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Legal Environment of

Business
GM 3103
BUSINESS LAWS
Meaning
The word Law has been derived from the
Teutonic word Lag, which means definite. On
this basis Law can be defined as a definite rule of
conduct and human relations. It also means a
uniform rule of conduct which is applicable
equally to all the people of the State. Law
prescribes and regulates general conditions of
human activity in the state.
Nature
1. Law is a general rule of human behaviour in
the state. It applies to all people of the state.
All are equally subject to the laws of their
State. Aliens living in the territory of the State
are also bound by the laws of the state.

2. Law is definite and it is the formulated will of


the State. It is a rule made and implemented
by the state.
Nature
3. State always acts through Law. Laws are made
and enforced by the government of the State.

4. Law creates binding and authoritative values


or decisions or rules for all the people of state.

5. Sovereignty of State is the basis of law and its


binding character.
Nature
6. Law is backed by the coercive power of the State.
Violations of laws are always punished.

7. Punishments are also prescribed by Law.

8. The courts settle all disputes among the people on


the basis of law.

9. In each State, there is only one body of Law.


Nature
10. Legally, Law is a command of the sovereign. In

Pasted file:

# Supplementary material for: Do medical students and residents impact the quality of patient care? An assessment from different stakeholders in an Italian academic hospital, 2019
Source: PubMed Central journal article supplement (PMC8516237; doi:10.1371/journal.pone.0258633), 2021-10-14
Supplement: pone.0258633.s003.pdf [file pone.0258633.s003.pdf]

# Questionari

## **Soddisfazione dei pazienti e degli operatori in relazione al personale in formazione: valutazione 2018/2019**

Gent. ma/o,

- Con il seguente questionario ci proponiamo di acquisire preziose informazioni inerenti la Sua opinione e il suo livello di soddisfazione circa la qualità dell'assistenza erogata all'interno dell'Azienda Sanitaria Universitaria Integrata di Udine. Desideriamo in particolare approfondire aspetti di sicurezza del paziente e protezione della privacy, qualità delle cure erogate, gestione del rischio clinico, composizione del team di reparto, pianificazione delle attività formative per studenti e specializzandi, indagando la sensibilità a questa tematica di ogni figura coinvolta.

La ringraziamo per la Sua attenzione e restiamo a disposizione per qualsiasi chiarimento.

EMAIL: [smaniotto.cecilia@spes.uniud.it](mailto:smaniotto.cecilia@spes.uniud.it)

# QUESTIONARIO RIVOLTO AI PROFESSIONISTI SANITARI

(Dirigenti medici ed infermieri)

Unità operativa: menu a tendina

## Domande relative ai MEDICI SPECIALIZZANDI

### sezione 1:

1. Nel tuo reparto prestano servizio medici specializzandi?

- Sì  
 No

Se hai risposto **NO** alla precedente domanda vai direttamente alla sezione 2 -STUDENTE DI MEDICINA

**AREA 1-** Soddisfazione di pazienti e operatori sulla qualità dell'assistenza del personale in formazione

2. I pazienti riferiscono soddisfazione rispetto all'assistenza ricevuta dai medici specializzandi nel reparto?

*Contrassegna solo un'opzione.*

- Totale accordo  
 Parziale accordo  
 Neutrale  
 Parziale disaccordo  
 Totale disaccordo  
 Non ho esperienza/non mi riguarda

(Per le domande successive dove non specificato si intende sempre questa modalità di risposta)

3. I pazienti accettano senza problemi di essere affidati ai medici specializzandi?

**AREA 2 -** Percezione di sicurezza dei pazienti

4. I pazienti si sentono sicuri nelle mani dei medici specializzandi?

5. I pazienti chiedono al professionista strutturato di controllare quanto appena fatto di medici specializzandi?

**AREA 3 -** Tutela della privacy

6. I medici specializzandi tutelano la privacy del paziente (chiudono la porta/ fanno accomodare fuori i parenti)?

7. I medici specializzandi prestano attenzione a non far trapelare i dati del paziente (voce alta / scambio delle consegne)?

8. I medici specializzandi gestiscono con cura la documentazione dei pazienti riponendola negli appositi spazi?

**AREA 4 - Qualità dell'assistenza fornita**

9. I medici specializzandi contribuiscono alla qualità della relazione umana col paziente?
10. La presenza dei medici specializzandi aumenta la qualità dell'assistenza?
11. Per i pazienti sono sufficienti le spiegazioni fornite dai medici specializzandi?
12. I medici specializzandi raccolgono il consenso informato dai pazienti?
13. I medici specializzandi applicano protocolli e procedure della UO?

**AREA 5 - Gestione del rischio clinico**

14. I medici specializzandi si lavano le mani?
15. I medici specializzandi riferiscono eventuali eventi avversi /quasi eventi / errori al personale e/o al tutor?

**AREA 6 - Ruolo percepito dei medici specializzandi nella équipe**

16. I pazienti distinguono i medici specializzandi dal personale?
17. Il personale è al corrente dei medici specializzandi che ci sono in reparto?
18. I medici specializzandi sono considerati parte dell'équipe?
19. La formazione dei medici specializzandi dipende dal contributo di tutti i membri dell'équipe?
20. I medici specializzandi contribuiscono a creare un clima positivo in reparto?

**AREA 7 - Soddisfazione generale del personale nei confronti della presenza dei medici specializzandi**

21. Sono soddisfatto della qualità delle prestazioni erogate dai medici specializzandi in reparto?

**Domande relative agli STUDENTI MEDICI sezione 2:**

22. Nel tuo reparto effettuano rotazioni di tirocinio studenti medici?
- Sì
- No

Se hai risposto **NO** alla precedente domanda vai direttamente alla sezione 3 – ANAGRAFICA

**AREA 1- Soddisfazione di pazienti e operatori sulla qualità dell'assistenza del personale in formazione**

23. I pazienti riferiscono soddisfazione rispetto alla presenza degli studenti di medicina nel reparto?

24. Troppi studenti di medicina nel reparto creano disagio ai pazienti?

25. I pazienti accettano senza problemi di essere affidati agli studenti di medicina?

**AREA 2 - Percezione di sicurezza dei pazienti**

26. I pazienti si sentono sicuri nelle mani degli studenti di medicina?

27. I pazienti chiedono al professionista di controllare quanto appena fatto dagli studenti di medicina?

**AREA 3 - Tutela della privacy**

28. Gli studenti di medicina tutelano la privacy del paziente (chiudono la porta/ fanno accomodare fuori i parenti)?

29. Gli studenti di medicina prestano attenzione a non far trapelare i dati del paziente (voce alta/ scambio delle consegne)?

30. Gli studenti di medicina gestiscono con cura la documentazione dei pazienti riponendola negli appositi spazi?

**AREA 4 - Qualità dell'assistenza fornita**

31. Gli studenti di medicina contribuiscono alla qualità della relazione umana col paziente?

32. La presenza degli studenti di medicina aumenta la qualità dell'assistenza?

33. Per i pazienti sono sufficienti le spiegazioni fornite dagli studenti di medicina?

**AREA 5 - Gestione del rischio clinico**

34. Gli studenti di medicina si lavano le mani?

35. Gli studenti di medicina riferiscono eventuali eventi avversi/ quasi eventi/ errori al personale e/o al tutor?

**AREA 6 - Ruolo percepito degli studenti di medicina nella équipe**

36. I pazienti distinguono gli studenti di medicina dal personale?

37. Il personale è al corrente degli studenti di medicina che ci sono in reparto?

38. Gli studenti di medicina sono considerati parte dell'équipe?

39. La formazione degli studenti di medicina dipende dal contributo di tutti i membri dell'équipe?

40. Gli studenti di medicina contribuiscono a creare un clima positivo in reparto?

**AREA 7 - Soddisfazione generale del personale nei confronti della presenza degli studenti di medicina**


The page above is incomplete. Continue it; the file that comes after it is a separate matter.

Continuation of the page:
contemporary times laws are made by the
representatives of the people who constitute the
legislature of the State. Laws are backed by on public
opinion and public needs.
11. The purpose of Law is to provide peace,
protection, and security to the people and to ensure
conditions for their all round development. Law also
provides protection to the rights and freedoms of the
people.
Nature
12. All disputes among the people are settled by
the courts on the basis of an interpretation and
application of the laws of the State.
13. Rule of law, equality before law and equal
protection of law for all without any
discrimination, are recognised as the salient
features of a modern legal system and liberal
democratic state.
Importance of Law
Laws provide structure and rules for societies to
develop and operate, since the dawn of
civilisation. Since people dont always operate
with the same morals, ethics and level of
integrity, laws can help to regulate and shape
behaviour (generally) in a positive way with
consequences that may deter unacceptable
behaviour.
Importance of Law
Serves as a norm of conduct for citizens
Acts as a guideline as to what is accepted in
society
Law plays an important indirect role in regard
to social change by shaping a direct impact on
society. For example: A law setting up a
compulsory educational system.
Importance of Law

Defends from evil acts


Promotes the common good
Resolves disputes over limited resources
Encourages people to do the right thing
Indian Legal System
Indian law refers to the system of law which
operates in India.
It is largely based on English common law.
Various Acts introduced by the British are still
in effect in modified form today.
Much of contemporary Indian law shows
substantial European and American influence.
History of Indian law
Ancient India represented a distinct tradition
of law.
India had an historically independent school of
legal theory and practice.
The Arthashastra, dating from 400 BC, and
the Manusmrit, from 100 AD, were influential
treatises in India.
Manu's central philosophy was tolerance and
pluralism, and was cited across Southeast
Asia.
Source of Law
Primary Source:
a. The primary source of law is in the
enactments passed by the Parliament or the
State Legislatures.
b. The President and the Governor have
limited powers to issue ordinances.
Source of Law
Secondary Source:
a. Secondary source of law is the judgments of
the Supreme Court, High Courts and some of
the specialised Tribunals.